Given the military’s expanded powers, the army chief has been made a member of the newly created Special Investment Facilitation Council, which is in charge of inviting foreign investment and boosting economic growth. And the Official Secrets Act is being used in the cipher case against Khan.

Since August, a caretaker government has been in charge in the run-up to elections; it is widely seen as appointed by and answerable to the army.

Nawaz 4.0?

After years in London, Nawaz Sharif returned to Pakistan in October with the military’s apparent behind-the-scenes support. Sharif, who had been serving time in prison on a graft conviction, left for London in 2019 to seek medical help and didn’t return to Pakistan. He had fallen out with the military in 2016 while serving as prime minister, and he took on an anti-establishment stance while in exile. That fell by the wayside as his brother Shehbaz became prime minister in April 2022, and it has been shed completely now, as he approaches the upcoming election with the military’s backing.

Perhaps the surest signal of that backing was the fact that upon landing in Pakistan he delivered a speech at a location that bears great political significance in the country, the Minar-e-Pakistan in Lahore. Khan’s political success began with a rally held at the same venue with the establishment’s support in 2011.

While the ground is seemingly being prepared for Sharif’s return as prime minister — his convictions are predictably being overturned by the courts, and politicians from various parties are switching over to his party — it is less clear how he would perform in a free and fair election. Shehbaz’s government was unpopular during his 16-month term — and it was widely seen as being run by Nawaz from London.

The electorate has changed since Nawaz’s last election as prime minister in 2013; more precisely, a significant proportion of voters in his political base of Punjab have moved on from his party, the Pakistan Muslim League-Nawaz, to supporting Khan’s PTI. Pakistan’s demographics have also changed — and increasingly younger, urban, middle-class voters have connected better with Khan than with Pakistan’s original mainstream parties.

An election, free or fair?

Given the extent of pre-poll political engineering that has occurred, there is little hope that Pakistan’s next election will be free or fair. The other question is whether the election will be held on February 8, as has been announced by the Election Commission of Pakistan. The general election has already been delayed once; per the constitution, it was due to be held by November, three months after the parliament’s term expired in August, but it was delayed to allow for redistricting. Two provincial assembly elections that were due to be held by April this year have not been held at all — they have had caretaker governments since early 2023.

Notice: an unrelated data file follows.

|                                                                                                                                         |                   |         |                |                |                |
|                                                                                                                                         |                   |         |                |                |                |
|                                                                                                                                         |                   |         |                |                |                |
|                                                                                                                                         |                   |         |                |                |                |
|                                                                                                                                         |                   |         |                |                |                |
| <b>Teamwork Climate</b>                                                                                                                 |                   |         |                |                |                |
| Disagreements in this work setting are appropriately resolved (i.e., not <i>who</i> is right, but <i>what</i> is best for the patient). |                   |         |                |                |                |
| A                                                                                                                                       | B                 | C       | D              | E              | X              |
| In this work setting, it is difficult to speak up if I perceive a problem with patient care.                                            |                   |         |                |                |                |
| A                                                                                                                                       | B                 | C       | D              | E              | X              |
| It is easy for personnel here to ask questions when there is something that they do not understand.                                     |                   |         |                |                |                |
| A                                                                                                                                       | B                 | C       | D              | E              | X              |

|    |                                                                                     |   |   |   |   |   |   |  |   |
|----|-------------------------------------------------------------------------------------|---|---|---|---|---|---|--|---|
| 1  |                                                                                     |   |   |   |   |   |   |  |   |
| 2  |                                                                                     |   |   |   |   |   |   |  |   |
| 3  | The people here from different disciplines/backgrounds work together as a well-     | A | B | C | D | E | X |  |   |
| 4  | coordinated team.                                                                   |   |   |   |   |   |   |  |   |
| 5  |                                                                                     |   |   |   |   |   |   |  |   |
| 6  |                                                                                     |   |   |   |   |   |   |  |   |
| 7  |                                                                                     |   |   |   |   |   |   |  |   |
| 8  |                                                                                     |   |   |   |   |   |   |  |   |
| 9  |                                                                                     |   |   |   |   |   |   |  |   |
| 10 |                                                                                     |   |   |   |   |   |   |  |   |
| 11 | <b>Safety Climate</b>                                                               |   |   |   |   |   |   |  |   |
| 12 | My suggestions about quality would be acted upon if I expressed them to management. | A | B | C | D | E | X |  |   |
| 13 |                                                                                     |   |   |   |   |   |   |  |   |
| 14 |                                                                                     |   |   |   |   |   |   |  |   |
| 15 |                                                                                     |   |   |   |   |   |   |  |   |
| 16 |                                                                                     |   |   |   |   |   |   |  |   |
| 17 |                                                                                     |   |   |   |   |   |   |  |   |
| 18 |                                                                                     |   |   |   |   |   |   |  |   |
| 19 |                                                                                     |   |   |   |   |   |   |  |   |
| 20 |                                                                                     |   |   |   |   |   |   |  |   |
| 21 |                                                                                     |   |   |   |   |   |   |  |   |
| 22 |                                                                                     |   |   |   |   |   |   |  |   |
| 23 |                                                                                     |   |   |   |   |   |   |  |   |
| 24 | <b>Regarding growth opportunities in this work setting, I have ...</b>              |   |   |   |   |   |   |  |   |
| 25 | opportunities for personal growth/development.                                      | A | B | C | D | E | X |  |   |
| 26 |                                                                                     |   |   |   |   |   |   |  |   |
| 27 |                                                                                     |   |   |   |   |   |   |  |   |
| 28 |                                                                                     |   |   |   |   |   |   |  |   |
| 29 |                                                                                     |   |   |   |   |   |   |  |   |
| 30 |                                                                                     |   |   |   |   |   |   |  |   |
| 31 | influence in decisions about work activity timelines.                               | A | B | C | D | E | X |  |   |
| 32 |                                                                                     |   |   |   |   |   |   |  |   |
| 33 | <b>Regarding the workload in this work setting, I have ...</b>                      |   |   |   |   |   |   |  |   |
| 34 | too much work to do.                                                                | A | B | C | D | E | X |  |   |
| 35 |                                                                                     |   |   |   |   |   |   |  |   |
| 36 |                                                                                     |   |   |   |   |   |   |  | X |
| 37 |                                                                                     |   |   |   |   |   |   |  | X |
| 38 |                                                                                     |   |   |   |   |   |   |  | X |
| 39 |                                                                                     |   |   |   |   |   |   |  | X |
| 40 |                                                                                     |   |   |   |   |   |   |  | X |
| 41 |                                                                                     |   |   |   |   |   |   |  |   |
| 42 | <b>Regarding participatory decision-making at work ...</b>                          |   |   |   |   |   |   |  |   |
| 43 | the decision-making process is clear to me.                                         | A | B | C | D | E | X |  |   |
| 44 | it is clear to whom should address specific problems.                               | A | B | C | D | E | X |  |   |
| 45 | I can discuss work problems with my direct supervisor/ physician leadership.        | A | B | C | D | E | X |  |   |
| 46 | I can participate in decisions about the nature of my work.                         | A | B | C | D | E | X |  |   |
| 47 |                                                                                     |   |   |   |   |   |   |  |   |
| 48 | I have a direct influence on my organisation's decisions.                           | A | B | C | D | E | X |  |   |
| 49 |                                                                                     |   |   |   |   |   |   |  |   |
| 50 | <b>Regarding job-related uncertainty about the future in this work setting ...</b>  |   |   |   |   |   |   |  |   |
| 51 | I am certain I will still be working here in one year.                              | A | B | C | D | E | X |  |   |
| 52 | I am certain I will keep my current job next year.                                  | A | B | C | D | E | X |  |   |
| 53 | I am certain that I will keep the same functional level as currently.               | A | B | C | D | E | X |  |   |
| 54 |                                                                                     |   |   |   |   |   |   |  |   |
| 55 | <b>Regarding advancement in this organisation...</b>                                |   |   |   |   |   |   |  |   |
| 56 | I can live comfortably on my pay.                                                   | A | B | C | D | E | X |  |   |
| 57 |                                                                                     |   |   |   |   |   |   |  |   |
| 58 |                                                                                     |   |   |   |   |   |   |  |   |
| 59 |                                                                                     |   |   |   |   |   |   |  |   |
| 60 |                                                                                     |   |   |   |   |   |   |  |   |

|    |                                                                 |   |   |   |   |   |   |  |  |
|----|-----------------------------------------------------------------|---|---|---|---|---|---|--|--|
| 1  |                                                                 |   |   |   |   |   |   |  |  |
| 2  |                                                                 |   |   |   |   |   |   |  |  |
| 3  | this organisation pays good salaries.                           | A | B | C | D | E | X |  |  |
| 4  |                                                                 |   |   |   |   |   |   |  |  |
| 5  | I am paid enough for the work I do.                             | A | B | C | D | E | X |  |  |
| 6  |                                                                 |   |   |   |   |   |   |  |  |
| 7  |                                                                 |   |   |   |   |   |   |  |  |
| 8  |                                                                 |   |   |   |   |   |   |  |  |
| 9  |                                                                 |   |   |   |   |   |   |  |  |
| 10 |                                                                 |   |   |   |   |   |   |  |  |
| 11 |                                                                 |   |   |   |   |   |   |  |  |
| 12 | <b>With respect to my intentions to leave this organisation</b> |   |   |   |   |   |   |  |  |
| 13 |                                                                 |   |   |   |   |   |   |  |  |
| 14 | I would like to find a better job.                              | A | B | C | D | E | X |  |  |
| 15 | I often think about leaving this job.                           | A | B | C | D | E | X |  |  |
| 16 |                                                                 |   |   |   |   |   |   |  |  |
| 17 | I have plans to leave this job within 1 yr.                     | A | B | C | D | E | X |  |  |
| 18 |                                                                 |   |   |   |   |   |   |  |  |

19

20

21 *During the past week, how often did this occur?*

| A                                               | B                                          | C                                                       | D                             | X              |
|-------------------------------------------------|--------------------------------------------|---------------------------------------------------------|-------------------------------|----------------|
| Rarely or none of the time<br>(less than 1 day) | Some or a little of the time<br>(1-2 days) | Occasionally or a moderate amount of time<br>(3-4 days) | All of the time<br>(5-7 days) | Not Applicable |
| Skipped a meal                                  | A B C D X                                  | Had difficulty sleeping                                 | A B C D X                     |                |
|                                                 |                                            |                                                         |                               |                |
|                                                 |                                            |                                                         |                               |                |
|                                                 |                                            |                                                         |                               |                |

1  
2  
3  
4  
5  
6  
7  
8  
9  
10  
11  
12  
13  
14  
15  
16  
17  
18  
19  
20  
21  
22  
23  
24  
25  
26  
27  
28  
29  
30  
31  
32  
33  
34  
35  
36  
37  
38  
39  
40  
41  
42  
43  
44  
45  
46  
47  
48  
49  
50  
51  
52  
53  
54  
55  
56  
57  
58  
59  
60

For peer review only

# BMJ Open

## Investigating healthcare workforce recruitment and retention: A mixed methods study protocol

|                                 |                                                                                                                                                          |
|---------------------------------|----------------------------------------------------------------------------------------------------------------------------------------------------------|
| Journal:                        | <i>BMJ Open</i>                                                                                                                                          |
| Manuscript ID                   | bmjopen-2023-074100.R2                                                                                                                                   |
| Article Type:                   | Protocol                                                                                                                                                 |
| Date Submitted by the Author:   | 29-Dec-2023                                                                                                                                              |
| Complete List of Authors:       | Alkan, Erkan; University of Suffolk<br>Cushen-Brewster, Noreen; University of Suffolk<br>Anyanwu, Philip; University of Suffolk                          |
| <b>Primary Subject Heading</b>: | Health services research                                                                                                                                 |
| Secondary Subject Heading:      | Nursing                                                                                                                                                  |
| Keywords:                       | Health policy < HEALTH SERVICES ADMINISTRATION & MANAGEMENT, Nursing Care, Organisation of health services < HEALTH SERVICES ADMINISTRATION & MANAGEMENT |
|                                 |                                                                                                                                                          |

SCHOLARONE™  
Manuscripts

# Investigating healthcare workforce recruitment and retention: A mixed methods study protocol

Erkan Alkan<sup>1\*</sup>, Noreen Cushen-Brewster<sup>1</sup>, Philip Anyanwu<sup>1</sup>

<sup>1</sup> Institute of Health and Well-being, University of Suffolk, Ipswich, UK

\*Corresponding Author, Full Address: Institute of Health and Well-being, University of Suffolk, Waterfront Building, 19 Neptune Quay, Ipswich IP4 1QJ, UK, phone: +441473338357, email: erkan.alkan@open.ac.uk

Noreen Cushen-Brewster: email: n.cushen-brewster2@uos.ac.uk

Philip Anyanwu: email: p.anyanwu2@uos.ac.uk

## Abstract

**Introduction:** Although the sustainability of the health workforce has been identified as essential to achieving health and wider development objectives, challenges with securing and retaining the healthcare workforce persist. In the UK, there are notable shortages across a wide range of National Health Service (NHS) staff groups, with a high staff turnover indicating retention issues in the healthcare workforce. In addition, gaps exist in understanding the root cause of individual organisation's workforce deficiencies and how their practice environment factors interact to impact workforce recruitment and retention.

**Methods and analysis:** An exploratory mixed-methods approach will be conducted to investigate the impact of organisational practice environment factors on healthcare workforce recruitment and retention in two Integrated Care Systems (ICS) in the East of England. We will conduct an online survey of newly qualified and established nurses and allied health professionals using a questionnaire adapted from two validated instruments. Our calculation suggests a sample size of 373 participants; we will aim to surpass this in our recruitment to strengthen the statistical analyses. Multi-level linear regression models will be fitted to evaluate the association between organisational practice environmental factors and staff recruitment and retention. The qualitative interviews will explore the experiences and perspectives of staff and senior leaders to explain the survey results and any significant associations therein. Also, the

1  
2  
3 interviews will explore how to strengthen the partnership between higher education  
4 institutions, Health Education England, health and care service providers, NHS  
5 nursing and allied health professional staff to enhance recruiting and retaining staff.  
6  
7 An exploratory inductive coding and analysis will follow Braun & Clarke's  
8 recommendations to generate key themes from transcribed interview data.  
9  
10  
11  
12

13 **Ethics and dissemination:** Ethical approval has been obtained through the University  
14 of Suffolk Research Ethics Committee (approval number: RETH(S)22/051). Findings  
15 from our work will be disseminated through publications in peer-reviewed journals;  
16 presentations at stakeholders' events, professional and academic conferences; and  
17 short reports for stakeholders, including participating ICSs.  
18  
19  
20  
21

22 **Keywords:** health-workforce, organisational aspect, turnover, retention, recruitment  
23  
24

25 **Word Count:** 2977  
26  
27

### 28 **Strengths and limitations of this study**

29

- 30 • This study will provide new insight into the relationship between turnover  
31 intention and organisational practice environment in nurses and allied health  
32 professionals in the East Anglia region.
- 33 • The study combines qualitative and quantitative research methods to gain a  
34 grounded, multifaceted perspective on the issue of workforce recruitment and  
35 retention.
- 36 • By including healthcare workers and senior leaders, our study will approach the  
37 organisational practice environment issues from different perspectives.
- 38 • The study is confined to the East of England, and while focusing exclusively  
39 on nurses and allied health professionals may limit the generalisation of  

The sense in Pakistan is that the election will be held once the establishment has finished sidelining Khan and can be assured that an election will yield its desired outcome of a Sharif victory. The question is whether it can guarantee that (absent election day rigging).

We know that Pakistani voters in rural areas tend to vote for prominent “electables” who can provide patronage — and many of those electables have abandoned Khan’s PTI. Yet the committed PTI voter may vote for whoever runs on a PTI ticket, even without Khan at the helm. Will that prove enough to elect PTI? Or will the establishment quash voter preferences on election day as well? Either way, Pakistan’s democracy is at its lowest ebb since 2008, which marked the end of the last period of military rule under Pervez Musharraf. It is unclear if it will be dismantled even further.

Democratic backsliding and Washington’s silence

Pakistan’s military, which sees itself as the most competent institution in the country, is now at its most powerful position since 2008, holding all decisionmaking reins — including that of political kingmaker — without holding overt power. It is the continuation of an approach that yields short-term stability but has ultimately led to long-term stagnation for Pakistan.

Washington has so far been conspicuously quiet on Pakistan’s democratic backsliding — notable given the importance the Biden administration claims to place on democracy around the world, yet unsurprising given the lack of attention the White House has given Pakistan over the last three years.

Khan’s pointing fingers toward the United States for his ouster hasn’t helped his case, and the Pakistani Army has always been the United States’ preferred partner in the country, over its civilian governments (to the detriment of Pakistan’s democracy). If elections are delayed again, or if election day interference does occur, it will be incumbent upon the Biden administration to finally speak up — but that may prove too little, too late.